VATICAN CITY; Retired Pope Benedict XVI said in an interview that he felt a "duty" to resign from the papacy because of his declining health and the rigorous demands of papal travel.
While his heart was set on completing the Year of Faith, the retired pope told Italian journalist Elio Guerriero that after his visit to Mexico and Cuba in March 2012, he felt he was "incapable of fulfilling" the demands of another international trip, especially with World Youth Day 2013 scheduled for Brazil.
"With the program set out by John Paul II for these (World Youth) days, the physical presence of the pope was indispensable," he told Guerriero in an interview, which is included in the journalist's upcoming biography of Pope Benedict. "This, too, was a circumstance which made my resignation a duty," the pope said.
An excerpt of Guerriero's book, Servant of God and Humanity: The Biography of Benedict XVI, was published Aug. 24 in the Italian newspaper, La Repubblica.
Benedict said that although he was moved by the "profound faith" of the people of Mexico and Cuba, it was during his visit to the two countries in 2012 that he "experienced very strongly the limits of my physical endurance."
Among the problems with committing to the grueling schedule of an international trip was the change in time zones. Upon consulting with his doctor, he said, it became clear "that I would never be able to take part in the World Youth Day in Rio de Janeiro."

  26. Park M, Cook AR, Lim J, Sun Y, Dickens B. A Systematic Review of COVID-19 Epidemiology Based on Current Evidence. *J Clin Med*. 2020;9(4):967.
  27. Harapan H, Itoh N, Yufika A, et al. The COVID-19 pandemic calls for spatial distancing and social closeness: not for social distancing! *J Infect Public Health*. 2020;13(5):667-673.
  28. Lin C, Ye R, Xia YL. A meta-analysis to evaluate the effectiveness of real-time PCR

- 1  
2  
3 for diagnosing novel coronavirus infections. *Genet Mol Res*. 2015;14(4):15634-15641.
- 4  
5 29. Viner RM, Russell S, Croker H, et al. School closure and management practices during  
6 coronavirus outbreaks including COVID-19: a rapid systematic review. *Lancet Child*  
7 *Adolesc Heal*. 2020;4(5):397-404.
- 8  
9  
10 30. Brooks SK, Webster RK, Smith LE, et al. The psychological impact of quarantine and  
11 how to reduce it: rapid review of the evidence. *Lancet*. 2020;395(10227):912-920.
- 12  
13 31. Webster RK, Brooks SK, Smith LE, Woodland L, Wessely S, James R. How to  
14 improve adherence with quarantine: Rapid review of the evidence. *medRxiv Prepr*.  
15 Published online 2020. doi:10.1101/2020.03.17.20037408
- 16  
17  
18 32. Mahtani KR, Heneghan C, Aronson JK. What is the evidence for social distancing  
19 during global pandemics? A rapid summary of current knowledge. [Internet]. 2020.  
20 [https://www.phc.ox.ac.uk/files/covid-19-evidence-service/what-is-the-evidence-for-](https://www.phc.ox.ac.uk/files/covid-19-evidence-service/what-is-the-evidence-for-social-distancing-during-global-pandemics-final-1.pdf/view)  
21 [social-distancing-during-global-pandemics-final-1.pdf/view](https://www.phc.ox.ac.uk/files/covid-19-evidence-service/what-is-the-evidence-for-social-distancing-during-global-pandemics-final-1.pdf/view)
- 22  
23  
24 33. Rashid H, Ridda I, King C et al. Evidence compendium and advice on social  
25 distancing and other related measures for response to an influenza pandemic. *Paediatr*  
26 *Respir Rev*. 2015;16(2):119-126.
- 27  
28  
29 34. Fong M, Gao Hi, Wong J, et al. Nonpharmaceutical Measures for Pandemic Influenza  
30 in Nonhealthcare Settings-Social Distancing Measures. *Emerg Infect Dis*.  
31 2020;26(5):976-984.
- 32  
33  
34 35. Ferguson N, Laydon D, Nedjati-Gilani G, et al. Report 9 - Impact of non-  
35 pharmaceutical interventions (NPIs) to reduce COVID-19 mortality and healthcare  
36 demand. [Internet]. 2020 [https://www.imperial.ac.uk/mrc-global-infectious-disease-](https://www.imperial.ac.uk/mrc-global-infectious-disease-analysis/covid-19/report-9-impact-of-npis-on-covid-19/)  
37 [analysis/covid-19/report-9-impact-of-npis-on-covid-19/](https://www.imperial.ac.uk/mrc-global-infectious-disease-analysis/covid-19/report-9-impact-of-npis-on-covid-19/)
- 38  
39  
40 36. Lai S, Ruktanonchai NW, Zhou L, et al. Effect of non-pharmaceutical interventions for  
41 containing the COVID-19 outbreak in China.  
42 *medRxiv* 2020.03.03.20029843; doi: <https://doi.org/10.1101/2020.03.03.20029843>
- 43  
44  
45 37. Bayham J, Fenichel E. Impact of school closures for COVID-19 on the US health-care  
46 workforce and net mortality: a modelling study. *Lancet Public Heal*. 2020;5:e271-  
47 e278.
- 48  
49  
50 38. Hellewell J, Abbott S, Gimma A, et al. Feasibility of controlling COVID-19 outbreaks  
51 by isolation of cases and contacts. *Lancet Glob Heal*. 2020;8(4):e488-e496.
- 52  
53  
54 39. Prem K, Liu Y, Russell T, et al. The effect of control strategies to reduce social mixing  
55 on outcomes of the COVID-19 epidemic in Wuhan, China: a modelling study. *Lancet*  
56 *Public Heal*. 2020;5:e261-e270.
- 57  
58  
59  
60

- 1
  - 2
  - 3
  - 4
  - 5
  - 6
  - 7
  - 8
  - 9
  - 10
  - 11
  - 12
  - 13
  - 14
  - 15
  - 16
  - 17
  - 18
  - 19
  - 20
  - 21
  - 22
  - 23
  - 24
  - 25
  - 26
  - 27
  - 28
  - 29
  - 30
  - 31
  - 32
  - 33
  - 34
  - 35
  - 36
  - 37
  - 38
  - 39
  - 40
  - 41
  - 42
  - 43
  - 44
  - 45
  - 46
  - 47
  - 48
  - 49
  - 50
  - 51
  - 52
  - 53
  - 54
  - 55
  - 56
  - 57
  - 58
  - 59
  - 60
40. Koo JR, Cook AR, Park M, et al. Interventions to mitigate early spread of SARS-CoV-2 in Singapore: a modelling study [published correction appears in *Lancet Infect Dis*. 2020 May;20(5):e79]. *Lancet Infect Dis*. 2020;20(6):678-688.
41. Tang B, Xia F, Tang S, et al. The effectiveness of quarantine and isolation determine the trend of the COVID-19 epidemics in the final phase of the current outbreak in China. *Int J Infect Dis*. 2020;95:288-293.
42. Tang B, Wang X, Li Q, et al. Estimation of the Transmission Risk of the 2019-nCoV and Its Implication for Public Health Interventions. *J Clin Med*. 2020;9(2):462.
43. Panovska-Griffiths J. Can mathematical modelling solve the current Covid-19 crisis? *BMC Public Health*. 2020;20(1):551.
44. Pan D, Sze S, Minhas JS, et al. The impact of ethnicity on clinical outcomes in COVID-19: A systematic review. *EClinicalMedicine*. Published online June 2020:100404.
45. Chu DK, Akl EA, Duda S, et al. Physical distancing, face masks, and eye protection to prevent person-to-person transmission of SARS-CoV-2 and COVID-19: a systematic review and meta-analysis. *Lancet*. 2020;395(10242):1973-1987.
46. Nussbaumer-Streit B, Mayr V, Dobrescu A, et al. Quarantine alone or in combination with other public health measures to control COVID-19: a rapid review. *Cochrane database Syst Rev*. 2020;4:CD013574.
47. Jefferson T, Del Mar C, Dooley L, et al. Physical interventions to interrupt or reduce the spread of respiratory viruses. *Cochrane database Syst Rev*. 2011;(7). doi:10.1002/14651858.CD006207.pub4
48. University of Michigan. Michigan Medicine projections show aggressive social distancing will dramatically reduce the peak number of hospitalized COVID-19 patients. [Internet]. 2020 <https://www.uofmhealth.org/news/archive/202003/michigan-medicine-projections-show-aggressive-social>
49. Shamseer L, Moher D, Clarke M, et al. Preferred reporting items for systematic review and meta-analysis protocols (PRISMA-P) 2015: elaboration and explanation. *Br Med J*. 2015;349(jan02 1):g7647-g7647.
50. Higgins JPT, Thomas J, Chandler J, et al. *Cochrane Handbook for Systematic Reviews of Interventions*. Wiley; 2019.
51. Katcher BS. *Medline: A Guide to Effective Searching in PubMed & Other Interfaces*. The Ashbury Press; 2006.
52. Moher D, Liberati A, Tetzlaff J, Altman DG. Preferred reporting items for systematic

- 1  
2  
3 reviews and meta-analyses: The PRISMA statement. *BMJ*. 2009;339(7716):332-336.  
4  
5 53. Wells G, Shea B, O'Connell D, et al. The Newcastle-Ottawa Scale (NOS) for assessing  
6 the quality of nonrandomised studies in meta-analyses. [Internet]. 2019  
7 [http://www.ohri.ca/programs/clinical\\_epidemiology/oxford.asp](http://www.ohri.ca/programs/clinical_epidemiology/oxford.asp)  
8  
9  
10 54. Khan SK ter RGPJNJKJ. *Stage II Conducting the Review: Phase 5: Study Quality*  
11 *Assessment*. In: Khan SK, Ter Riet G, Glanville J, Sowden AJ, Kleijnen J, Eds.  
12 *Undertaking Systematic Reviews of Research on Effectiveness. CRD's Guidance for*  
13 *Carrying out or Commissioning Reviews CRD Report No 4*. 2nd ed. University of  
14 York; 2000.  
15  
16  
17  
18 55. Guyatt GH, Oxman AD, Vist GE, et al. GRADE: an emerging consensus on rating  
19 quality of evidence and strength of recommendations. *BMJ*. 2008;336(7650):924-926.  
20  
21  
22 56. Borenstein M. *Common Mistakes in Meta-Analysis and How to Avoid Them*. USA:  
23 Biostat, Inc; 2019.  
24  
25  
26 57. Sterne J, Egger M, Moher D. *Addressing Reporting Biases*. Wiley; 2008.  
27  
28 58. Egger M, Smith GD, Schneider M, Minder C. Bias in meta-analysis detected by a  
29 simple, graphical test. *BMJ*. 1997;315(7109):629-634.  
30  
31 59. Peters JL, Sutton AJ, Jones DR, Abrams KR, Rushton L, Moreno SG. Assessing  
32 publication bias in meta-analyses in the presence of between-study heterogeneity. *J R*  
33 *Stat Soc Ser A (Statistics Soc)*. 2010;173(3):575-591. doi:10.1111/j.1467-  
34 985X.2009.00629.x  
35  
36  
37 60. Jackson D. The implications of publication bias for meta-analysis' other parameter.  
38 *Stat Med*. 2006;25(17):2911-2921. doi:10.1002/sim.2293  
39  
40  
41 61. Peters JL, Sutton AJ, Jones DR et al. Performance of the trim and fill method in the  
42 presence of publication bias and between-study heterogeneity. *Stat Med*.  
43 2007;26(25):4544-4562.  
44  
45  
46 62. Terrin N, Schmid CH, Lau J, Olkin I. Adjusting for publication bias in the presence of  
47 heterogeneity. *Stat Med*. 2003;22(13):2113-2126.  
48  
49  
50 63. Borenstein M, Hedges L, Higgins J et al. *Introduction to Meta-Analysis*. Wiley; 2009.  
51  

"From that day, I had to decide in a relatively short time the date of my retirement," he said.
Guerriero noted that while many believed the pope's retirement was a defeat for the church, Benedict continues to seem "calm and confident." The retired pope said he "completely agreed" with the journalist's observation.
"I would have been truly worried if I was not convinced — as I had said in the beginning of my pontificate — of being a simple and humble worker in the Lord's vineyard," he said.
The retired pope added that while he was aware of his limitations, he accepted his election in 2005 "in a spirit of obedience" and that despite the difficult moments, there were also "many graces."